Snackmasters counters that an award of fees for work done in connection with an administrative proceeding is a case-specific matter for the Court's discretion. It acknowledges that 15 U.S.C. § 1117(a) is silent on the question of fees for what it calls "related" TTAB proceedings but suggests that this silence does not foreclose the possibility of a fee award. Snackmasters' argument relies on 35 U.S.C. § 285, a similar fee award provision for patent-infringement suits, and PPG Indus., Inc. v. Celanese Polymer Specialties Co., 840 F.2d 1565 (Fed. Cir. 1998), in which the Federal Circuit held that a prevailing defendant was entitled to attorney's fees incurred in proceedings before the Patent and Trademark Office ("PTO") and the Board of Patent Appeals and Interferences. Snackmasters appears to argue that its filing of administrative proceedings is analogous to the forced participation of the defendant in PPG Industries in reissue proceedings before the PTO. It contends that because a registration for Hickory Farms' "Turkey Stick" would have issued, "entitling Hickory Farms to all the presumptions accorded a federal registration," and because Hickory Farms had already sent it a cease and desist demand, "Snackmasters as a practical matter had no option but to file the opposition" in the TTAB-and, as "a necessary adjunct," its petition to cancel the "Beef Stick" trademark. Snackmasters Fee Pet. at 11-12.

Snackmasters does not argue outright that the TTAB proceedings were mandatory. Rather, it contends that it satisfies the test of Webb v. Dyer County Bd. of Educ., 471 U.S. 234 (1985), for the award of fees stemming from non-mandatory, non-judicial proceedings because it can show that the work product generated for the TTAB proceedings was both useful and of a type ordinarily necessary in the litigation. Notably, Snackmasters contends that the evidence of third party use gathered for the TTAB proceedings was central to its summary judgment submission and that the "counterclaims on which it prevailed essentially are a continuation of the [TTAB] proceedings." Snackmasters Fee Pet. at 12.

Hickory Farms effectively concedes this last point when it contends that Snackmasters' lawyers' work on the genericness issue for the TTAB proceedings "should not be recoverable now . . . for essentially the same duplicated work." Hickory Farms Opp. Br. at 9. That is, Hickory Farms in effect acknowledges that research on genericness bore directly on this litigation. The Court agrees and determines that Snackmasters has met Webb's requirement that the work done in connection with the non-mandatory, non-judicial proceedings be both useful and of a type ordinarily necessary to the litigation. For this reason, the Court will award Snackmasters the $7,971.25 in fees and $925.57 in expenses stemming from the TTAB proceedings.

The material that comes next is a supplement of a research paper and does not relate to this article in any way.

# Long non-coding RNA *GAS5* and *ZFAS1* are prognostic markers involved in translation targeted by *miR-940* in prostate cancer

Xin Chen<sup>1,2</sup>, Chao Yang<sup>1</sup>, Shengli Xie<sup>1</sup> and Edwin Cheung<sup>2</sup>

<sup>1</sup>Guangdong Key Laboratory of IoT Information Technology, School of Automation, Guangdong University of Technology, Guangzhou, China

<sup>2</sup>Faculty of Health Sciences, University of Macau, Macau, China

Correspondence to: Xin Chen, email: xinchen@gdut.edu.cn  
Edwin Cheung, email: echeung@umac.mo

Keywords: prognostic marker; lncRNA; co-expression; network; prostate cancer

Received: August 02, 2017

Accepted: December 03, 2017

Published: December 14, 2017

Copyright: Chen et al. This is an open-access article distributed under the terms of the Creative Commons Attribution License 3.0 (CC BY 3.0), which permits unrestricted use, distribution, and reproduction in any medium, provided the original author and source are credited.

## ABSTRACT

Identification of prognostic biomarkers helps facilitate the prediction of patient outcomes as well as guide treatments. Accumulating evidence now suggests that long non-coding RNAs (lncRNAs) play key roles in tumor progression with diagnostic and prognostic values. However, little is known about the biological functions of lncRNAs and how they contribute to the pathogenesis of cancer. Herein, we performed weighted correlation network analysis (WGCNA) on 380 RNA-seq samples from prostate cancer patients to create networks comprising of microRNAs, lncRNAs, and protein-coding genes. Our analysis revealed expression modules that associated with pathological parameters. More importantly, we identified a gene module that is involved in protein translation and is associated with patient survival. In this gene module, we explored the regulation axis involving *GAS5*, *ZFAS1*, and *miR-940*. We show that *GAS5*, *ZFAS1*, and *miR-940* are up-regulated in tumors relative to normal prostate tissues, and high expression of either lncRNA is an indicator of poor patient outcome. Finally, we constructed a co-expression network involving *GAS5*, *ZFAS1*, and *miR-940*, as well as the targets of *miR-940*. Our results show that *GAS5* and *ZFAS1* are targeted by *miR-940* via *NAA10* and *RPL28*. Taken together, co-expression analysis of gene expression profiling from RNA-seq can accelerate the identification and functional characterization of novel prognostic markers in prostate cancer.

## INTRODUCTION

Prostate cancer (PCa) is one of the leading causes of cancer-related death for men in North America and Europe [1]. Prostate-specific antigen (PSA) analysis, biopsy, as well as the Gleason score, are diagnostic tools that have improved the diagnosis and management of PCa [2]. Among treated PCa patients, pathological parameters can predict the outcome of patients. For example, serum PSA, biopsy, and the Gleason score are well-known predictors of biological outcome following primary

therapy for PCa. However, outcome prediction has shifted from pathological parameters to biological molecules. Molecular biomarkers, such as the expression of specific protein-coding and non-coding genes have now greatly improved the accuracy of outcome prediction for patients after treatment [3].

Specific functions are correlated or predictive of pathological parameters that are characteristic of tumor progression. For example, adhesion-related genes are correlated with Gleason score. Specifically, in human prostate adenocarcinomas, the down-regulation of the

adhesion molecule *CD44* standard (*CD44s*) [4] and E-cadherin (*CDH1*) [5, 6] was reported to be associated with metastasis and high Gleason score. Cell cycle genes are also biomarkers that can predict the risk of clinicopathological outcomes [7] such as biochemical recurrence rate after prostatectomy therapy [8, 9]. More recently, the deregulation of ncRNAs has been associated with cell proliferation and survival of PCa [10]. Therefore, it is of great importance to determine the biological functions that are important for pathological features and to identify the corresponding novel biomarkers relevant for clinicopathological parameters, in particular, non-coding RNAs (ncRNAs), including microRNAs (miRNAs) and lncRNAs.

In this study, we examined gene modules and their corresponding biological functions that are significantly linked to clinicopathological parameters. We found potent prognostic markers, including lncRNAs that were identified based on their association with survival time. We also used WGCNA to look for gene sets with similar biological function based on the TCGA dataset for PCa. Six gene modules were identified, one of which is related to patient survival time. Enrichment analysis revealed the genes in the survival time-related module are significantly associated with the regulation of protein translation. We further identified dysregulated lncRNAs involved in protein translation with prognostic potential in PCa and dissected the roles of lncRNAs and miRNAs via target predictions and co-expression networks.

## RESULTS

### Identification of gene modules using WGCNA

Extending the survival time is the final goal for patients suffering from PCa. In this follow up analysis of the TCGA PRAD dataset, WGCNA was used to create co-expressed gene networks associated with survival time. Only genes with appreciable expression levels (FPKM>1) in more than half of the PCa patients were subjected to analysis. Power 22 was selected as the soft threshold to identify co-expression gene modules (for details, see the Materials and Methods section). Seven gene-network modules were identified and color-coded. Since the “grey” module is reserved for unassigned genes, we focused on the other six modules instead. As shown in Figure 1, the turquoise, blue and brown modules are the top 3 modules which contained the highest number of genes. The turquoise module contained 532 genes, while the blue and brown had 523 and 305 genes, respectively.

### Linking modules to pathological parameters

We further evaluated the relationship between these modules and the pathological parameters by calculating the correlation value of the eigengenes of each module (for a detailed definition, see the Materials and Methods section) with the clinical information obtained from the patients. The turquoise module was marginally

B. Fees Incurred for Internet Research

Hickory Farms objects to fees of $5,850.75, reflecting hours spent on Internet research by West, Snackmasters' Chicago counsel Susan Smart, Smart's partner John Bostjancich, and paralegals employed by both firms. Hickory Farms argues that the results of this research are unreliable. Hickory Farms also points to the Court's statement in its opinion granting Snackmasters' summary judgment motion that it "would have reached the same conclusion . . . even without consideration of the website uses that Snackmasters offered" to suggest that the Court did not rely on this evidence. Hickory Farms further contends the research was "mechanical," "essentially clerical in nature" and "easily delegable to non-professional assistance." Hickory Farms Opp. Br. at 9-10. Accordingly, it argues, it is inappropriate to charge an attorney's or paralegal's time for this work.

Snackmasters responds that the Internet research generated evidence of widespread third party use of the terms "Beef Stick" and "Turkey Stick" to sell products and that the relevance of this to the genericness issue is undisputed. Moreover, Hickory Farms authenticated these materials in response to Snackmasters' requests for admissions, and it also went so far as to send out dozens of cease and desist letters to entities responsible for some of these websites, purportedly on the basis of information brought to its attention for the first time by Snackmasters. Snackmasters also asserts that "the identification of evidence establishing the generic nature of the terms at issue was not a purely mechanical task and required attorney input." Snackmasters Reply Br. at 6. Indeed, it is more efficient, Snackmasters argues, for an attorney simply to print a website identified in this research process than to delegate that discrete task to ...